Rendall and Bourke were bombarded with requests to hire Christian out for parties, premieres and publicity shots but they said no – with the exception of a shoot with Vanity Fair, and racing driver James Hunt.

They also accepted an invitation to appear on Blue Peter that went disastrously wrong. During rehearsals, Christian was well behaved but by the time the show went live, he was bored.

As Valerie Singleton attempted to “interview” Christian on the Blue Peter sofa, he kept trying to run away. The pair soon realised the appearances were too stressful for Christian, who was not happy away from Sophisto-Cat and his churchyard.

At nearly a year old, Christian was growing rapidly and his owners were at a heartbreaking crossroads on their incredible journey: they had to set him free.

They considered sending him to Longleat Safari Park in Wiltshire where some of the lions used in the hit movie Born Free – which told the story of how conservationists George and Joy Adamson had reintroduced Elsa, a hand-reared cub, into the wild in Africa – had been relocated.

Then actors Bill Travers and his wife Virginia McKenna, who had played George and Joy in the film, asked to come and meet Christian one day during a visit to the King’s

Road. Days later, Bill rang with a suggestion: he had contacted lion expert George Adamson in Kenya who had agreed to rehome Christian in the wild.

Whilst it was what Rendall and Bourke wanted, they were worried about how a lion born in a zoo in Devon and sold in a department store would adapt to Africa? Could he survive? Two weeks after Christian’s first and last birthday in England in August 1970, the two men and photographer Derek Cattani, who had documented the lion’s early life, landed with the cub in Nairobi – Christian’s ancestral homeland.

In George Adamson’s jeep, the party set off for the Kora reserve 250 miles away.

When they took Christian for his first walk in Africa, they witnessed the animal instincts that would ensure his survival.

Spotting a lost cow in the bush, Christian instantly froze and began stalking his prey, stealthily creeping forwards.

George was worried about the cow’s horns and told the men to grab Christian.

For the first time ever, the lion turned and snarled at them, leaving the pair profoundly shaken by the transformation in Christian from biddable pet to a deadly hunter.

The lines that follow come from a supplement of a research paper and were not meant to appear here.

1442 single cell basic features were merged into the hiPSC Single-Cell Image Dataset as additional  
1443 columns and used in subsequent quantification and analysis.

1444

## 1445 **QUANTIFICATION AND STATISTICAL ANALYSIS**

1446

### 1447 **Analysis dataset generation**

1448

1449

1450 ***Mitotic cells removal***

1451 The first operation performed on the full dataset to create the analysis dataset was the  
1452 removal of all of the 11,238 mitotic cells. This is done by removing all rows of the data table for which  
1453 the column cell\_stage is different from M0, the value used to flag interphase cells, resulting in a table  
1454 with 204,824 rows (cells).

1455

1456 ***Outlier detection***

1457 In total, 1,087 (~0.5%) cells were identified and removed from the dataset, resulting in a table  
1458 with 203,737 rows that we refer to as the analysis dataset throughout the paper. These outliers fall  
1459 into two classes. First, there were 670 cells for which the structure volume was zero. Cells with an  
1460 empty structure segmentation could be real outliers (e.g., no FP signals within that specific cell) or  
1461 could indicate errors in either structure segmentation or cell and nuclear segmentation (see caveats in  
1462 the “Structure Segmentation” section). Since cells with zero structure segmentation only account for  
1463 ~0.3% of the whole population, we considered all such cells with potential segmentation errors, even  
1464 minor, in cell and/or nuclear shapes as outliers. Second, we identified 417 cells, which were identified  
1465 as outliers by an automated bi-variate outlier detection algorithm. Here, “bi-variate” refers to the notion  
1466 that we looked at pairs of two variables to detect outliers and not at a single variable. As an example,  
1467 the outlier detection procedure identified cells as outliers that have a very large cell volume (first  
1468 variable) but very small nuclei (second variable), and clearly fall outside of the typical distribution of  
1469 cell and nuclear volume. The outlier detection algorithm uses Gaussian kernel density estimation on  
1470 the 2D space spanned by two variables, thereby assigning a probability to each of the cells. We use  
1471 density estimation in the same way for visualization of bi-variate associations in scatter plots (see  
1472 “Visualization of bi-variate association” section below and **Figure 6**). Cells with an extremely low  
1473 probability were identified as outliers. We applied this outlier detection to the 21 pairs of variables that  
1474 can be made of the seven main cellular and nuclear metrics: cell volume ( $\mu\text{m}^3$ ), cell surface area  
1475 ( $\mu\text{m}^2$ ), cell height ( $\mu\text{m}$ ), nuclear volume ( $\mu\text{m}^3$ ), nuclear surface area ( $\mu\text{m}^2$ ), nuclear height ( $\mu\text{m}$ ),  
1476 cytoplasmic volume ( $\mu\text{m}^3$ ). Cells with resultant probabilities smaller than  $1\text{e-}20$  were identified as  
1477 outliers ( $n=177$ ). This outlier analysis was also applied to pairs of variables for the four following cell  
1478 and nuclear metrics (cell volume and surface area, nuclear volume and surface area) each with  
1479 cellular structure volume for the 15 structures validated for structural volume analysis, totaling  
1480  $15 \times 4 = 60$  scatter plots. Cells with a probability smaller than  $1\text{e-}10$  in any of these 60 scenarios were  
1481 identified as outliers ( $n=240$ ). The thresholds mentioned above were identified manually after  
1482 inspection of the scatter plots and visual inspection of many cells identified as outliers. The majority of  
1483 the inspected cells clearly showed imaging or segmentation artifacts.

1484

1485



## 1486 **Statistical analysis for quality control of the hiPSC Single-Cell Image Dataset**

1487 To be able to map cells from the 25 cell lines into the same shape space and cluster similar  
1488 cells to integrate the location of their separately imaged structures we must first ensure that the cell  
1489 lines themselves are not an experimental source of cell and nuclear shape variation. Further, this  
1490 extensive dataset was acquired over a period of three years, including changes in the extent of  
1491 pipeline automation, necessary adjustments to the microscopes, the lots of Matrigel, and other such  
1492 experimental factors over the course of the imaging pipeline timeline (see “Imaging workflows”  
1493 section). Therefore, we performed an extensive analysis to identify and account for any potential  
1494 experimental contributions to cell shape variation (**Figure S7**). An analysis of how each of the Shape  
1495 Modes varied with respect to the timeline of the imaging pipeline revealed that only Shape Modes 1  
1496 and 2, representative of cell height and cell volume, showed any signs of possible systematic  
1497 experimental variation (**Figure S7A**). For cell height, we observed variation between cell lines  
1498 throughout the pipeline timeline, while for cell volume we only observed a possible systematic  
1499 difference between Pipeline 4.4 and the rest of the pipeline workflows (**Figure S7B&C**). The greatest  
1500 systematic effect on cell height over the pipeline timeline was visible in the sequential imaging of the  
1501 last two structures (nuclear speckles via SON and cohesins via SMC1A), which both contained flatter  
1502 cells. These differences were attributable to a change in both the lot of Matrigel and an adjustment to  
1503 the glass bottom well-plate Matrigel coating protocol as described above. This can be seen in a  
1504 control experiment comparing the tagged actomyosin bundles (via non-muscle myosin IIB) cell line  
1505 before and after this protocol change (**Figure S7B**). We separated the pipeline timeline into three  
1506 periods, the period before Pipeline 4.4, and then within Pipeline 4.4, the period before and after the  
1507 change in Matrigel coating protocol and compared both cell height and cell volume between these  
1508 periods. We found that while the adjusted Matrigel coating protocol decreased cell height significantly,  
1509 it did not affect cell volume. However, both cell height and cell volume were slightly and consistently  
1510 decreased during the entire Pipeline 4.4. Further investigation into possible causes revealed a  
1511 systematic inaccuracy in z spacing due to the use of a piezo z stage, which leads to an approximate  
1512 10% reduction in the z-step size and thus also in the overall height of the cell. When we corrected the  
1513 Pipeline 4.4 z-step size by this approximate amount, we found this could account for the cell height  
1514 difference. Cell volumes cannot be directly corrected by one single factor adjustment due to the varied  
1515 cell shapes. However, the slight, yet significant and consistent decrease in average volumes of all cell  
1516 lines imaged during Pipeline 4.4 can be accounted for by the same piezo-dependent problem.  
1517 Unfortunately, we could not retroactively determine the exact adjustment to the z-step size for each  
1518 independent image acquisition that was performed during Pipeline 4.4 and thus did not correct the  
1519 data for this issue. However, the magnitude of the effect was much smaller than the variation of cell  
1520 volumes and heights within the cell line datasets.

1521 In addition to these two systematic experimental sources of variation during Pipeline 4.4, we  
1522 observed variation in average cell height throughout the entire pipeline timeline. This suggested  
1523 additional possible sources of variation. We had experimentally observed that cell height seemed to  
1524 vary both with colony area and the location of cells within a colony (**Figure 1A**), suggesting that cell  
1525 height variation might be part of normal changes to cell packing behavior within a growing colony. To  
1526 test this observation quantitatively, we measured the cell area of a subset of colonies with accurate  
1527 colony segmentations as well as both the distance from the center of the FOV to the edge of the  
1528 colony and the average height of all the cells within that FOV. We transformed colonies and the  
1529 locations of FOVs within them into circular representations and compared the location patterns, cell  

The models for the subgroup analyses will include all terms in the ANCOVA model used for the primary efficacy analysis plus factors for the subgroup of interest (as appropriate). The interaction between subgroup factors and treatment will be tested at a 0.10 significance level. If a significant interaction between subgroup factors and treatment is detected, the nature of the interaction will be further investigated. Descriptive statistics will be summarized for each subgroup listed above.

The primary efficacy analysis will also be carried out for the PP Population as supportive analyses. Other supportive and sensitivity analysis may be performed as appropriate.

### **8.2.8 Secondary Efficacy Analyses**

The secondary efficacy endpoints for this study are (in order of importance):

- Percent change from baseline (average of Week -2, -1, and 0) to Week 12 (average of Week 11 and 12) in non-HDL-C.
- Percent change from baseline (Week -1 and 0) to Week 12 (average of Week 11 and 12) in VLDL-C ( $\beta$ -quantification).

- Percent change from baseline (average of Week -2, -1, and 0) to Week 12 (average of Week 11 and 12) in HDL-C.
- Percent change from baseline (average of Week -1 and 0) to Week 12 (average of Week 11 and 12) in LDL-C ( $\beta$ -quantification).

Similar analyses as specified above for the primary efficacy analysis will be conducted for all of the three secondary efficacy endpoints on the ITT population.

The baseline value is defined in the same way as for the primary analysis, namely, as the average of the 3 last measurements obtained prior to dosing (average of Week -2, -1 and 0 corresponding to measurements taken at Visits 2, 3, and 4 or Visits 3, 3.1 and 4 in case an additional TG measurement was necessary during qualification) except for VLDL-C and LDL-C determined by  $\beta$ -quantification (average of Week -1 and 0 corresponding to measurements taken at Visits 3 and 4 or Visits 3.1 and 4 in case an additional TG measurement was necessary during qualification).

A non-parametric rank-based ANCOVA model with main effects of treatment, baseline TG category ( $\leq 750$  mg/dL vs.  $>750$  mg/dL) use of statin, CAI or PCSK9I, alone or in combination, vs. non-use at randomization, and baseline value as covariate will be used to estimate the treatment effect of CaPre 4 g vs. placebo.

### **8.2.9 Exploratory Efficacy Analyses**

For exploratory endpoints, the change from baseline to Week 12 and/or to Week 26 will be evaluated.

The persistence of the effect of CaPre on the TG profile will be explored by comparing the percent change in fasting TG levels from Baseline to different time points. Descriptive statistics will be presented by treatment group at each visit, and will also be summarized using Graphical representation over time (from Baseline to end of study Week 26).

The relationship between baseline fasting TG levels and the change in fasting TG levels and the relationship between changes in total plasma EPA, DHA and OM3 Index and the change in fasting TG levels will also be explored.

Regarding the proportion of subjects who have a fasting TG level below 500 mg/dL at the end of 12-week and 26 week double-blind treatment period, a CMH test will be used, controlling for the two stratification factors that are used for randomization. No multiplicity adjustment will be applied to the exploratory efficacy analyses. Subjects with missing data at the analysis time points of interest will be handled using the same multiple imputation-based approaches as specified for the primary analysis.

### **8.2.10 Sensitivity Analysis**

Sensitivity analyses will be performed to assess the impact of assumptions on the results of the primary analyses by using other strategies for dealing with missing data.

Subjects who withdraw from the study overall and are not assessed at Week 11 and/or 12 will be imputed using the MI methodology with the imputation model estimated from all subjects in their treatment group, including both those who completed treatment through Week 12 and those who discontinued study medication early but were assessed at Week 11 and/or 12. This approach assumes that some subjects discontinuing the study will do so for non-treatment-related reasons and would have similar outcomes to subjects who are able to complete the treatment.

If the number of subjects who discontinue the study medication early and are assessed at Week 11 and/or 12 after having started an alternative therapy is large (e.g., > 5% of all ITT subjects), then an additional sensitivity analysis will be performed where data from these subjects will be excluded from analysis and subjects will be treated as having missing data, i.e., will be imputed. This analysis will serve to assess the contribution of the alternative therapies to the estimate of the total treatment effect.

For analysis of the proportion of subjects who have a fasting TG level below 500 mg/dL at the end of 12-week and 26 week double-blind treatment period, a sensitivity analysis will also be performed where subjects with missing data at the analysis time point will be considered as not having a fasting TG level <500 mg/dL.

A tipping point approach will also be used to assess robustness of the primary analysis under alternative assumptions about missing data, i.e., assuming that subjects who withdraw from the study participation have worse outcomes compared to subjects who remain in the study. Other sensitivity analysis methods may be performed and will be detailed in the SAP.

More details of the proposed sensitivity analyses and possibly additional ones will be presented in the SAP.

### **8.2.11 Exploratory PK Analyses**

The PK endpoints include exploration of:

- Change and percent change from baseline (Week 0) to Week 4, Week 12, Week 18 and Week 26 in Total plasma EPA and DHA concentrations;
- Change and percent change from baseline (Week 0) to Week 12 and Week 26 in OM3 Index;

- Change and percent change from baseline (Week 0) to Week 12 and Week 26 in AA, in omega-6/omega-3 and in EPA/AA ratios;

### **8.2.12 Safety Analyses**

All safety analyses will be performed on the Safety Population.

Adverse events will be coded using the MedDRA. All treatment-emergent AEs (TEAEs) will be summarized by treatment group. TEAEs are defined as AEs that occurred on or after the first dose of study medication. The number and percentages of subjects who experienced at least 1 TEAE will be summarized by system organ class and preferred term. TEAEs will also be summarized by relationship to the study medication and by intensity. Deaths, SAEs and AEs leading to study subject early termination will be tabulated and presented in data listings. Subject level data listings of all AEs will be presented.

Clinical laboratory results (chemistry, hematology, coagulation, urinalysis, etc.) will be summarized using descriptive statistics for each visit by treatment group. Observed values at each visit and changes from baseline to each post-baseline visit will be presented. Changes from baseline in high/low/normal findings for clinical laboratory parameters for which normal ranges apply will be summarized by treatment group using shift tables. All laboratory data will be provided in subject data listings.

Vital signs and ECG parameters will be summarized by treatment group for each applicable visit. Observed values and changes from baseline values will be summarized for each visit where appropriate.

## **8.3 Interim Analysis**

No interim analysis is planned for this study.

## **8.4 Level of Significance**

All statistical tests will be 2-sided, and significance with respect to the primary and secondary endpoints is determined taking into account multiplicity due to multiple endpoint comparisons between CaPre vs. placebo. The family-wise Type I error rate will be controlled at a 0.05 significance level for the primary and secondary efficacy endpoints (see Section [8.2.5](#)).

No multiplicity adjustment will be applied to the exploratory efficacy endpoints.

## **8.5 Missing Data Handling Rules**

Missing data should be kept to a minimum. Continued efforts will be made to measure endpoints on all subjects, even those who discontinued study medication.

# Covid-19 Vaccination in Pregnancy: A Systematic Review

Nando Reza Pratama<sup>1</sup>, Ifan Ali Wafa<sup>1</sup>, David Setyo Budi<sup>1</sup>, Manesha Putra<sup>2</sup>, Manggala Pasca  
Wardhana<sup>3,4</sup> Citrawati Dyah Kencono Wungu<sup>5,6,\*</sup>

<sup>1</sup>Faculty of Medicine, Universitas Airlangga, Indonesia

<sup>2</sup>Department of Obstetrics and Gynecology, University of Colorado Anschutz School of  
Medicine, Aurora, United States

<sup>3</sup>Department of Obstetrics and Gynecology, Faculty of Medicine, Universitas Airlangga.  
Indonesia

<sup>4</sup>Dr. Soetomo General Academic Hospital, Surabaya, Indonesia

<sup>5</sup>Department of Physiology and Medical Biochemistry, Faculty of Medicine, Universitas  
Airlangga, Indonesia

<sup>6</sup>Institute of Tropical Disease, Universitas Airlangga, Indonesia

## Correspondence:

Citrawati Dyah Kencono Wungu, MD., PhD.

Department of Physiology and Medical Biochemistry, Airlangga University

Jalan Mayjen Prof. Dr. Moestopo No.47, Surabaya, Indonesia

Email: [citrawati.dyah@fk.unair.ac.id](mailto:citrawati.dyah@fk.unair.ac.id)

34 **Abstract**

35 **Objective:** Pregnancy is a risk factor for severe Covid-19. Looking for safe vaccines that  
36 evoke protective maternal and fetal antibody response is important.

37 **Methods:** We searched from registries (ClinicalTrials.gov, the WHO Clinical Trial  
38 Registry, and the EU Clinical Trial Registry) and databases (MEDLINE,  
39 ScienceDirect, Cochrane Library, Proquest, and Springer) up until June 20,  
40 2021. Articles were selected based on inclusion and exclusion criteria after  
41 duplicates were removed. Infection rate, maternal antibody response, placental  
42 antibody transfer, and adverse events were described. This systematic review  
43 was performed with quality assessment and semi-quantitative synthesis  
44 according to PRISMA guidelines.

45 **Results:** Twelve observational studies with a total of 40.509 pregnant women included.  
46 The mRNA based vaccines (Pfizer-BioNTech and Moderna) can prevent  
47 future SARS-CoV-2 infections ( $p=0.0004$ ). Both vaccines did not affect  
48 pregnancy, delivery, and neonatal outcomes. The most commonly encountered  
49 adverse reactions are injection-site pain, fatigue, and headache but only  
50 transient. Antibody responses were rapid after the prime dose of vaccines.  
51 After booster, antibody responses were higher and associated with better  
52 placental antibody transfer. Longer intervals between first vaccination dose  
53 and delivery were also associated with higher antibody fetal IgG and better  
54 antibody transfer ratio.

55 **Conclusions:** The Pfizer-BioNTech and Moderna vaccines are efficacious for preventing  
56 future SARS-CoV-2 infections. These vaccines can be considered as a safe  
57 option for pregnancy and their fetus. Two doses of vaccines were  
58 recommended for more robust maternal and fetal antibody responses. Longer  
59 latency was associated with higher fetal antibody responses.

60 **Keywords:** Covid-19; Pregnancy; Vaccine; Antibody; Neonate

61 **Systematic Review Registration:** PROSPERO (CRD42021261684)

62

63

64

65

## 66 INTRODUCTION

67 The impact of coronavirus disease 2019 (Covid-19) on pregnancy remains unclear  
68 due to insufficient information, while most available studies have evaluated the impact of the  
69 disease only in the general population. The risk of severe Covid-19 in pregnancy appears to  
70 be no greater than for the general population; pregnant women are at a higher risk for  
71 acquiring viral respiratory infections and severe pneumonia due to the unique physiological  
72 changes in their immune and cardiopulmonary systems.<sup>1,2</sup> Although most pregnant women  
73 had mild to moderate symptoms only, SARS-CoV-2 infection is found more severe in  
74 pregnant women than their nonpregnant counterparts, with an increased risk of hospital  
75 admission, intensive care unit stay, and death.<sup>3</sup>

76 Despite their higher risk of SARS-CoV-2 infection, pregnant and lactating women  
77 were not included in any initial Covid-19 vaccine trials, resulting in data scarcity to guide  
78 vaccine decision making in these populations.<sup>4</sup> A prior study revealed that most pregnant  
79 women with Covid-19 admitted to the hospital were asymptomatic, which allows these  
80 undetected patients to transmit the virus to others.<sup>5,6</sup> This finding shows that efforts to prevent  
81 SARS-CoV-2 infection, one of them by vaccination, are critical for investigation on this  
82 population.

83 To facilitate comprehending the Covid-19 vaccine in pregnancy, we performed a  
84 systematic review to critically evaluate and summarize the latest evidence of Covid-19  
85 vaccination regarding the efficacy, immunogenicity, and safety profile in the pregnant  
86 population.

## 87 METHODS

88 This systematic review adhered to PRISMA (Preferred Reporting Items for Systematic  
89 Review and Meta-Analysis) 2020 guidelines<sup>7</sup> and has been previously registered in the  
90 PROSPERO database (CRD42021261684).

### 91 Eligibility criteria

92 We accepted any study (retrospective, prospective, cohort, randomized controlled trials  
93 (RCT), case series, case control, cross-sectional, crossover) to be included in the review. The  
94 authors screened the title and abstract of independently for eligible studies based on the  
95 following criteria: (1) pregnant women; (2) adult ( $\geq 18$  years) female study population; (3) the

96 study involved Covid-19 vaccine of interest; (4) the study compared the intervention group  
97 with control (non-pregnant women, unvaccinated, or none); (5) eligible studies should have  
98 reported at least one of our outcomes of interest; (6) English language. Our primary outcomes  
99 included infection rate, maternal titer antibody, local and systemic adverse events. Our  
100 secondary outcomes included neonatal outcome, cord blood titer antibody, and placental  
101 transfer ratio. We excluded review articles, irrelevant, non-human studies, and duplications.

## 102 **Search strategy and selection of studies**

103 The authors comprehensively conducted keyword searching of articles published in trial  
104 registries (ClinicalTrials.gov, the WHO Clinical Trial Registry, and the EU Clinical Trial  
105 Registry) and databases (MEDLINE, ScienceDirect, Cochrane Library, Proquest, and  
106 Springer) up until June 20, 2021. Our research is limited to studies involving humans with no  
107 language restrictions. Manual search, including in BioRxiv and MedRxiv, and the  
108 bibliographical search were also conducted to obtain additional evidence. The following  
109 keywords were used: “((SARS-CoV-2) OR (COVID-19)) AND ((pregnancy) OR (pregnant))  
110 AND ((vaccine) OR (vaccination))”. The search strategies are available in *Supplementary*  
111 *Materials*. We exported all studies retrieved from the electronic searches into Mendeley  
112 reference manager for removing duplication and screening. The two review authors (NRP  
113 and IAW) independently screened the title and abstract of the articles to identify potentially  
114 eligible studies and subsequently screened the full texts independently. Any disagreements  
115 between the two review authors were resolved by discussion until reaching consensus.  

Although sad that it was time to say goodbye, the pair were relieved to see he possessed the instincts he needed to stay alive in the wild.

“Once we’d got him to Africa, I think Ace particularly had a real sense of, ‘my God, we’ve done it. Phew’.” said John years later.

“But it was also sad: this wonderful presence had gone.”

A year later, in the summer of 1971, the men returned to Kora to see George and, they hoped, Christian.

George warned them not to get their hopes up as Christian, now the head of a small pride, hadn’t been seen for weeks. But when they landed in Nairobi, George was beaming.

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“The lions turned up this morning,” he said. “Christian must have known you were coming.”

At the Kora camp, George identified a spot for a reunion. He told Rendall and Bourke he would lead the lions to a rock, from where they, and a cameraman friend, Simon Trevor, who had been making a film about their story, could see Christian. As he crested the brow, Christian stopped and stared.

Then he walked slowly down towards them, staring the whole time. Tall, lean, strong and confident, his body language was self-assured.

“Call him,” George said. The moment he heard his former owners’ voices, Christian ran towards them, grunting with excitement.

Watching the 300lb lion bounding towards them at about 20 miles an hour was a breathtaking moment – would he greet or attack them?

Bracing themselves, suddenly Christian was jumping up, rubbing their heads, and running backwards and forwards between them as he tried to embrace both men at the same time.

He knew exactly who they were. Simon captured the wonderful moment of reunion on film and it has since had more than 100 million views on YouTube.

Never mind Cecil and Simba, Christian is one of the most famous lions there has ever been.

“I look at the photos of that meeting and realise how overwhelmed I was by the powerful emotion,” Rendall said in an interview.

“At that moment, the gulf between humans and lions had been blurred by sheer euphoria.”

It’s more than 50 years since Christian disappeared into the wild forever, but George was certain he heard him mating and was confident that he had established his own pride.

When the two men took Christian to Kenya in 1970, there were 400,000 lions in Africa.

Today there are fewer than 20,000 and Rendall, who became a dedicated conservationist, continued to highlight the plight of the king of the jungle.

Rendall, who was found dead in his study on Sunday by his magician son, Max, said in an interview once: “Christian changed my life forever and I will never forget him.”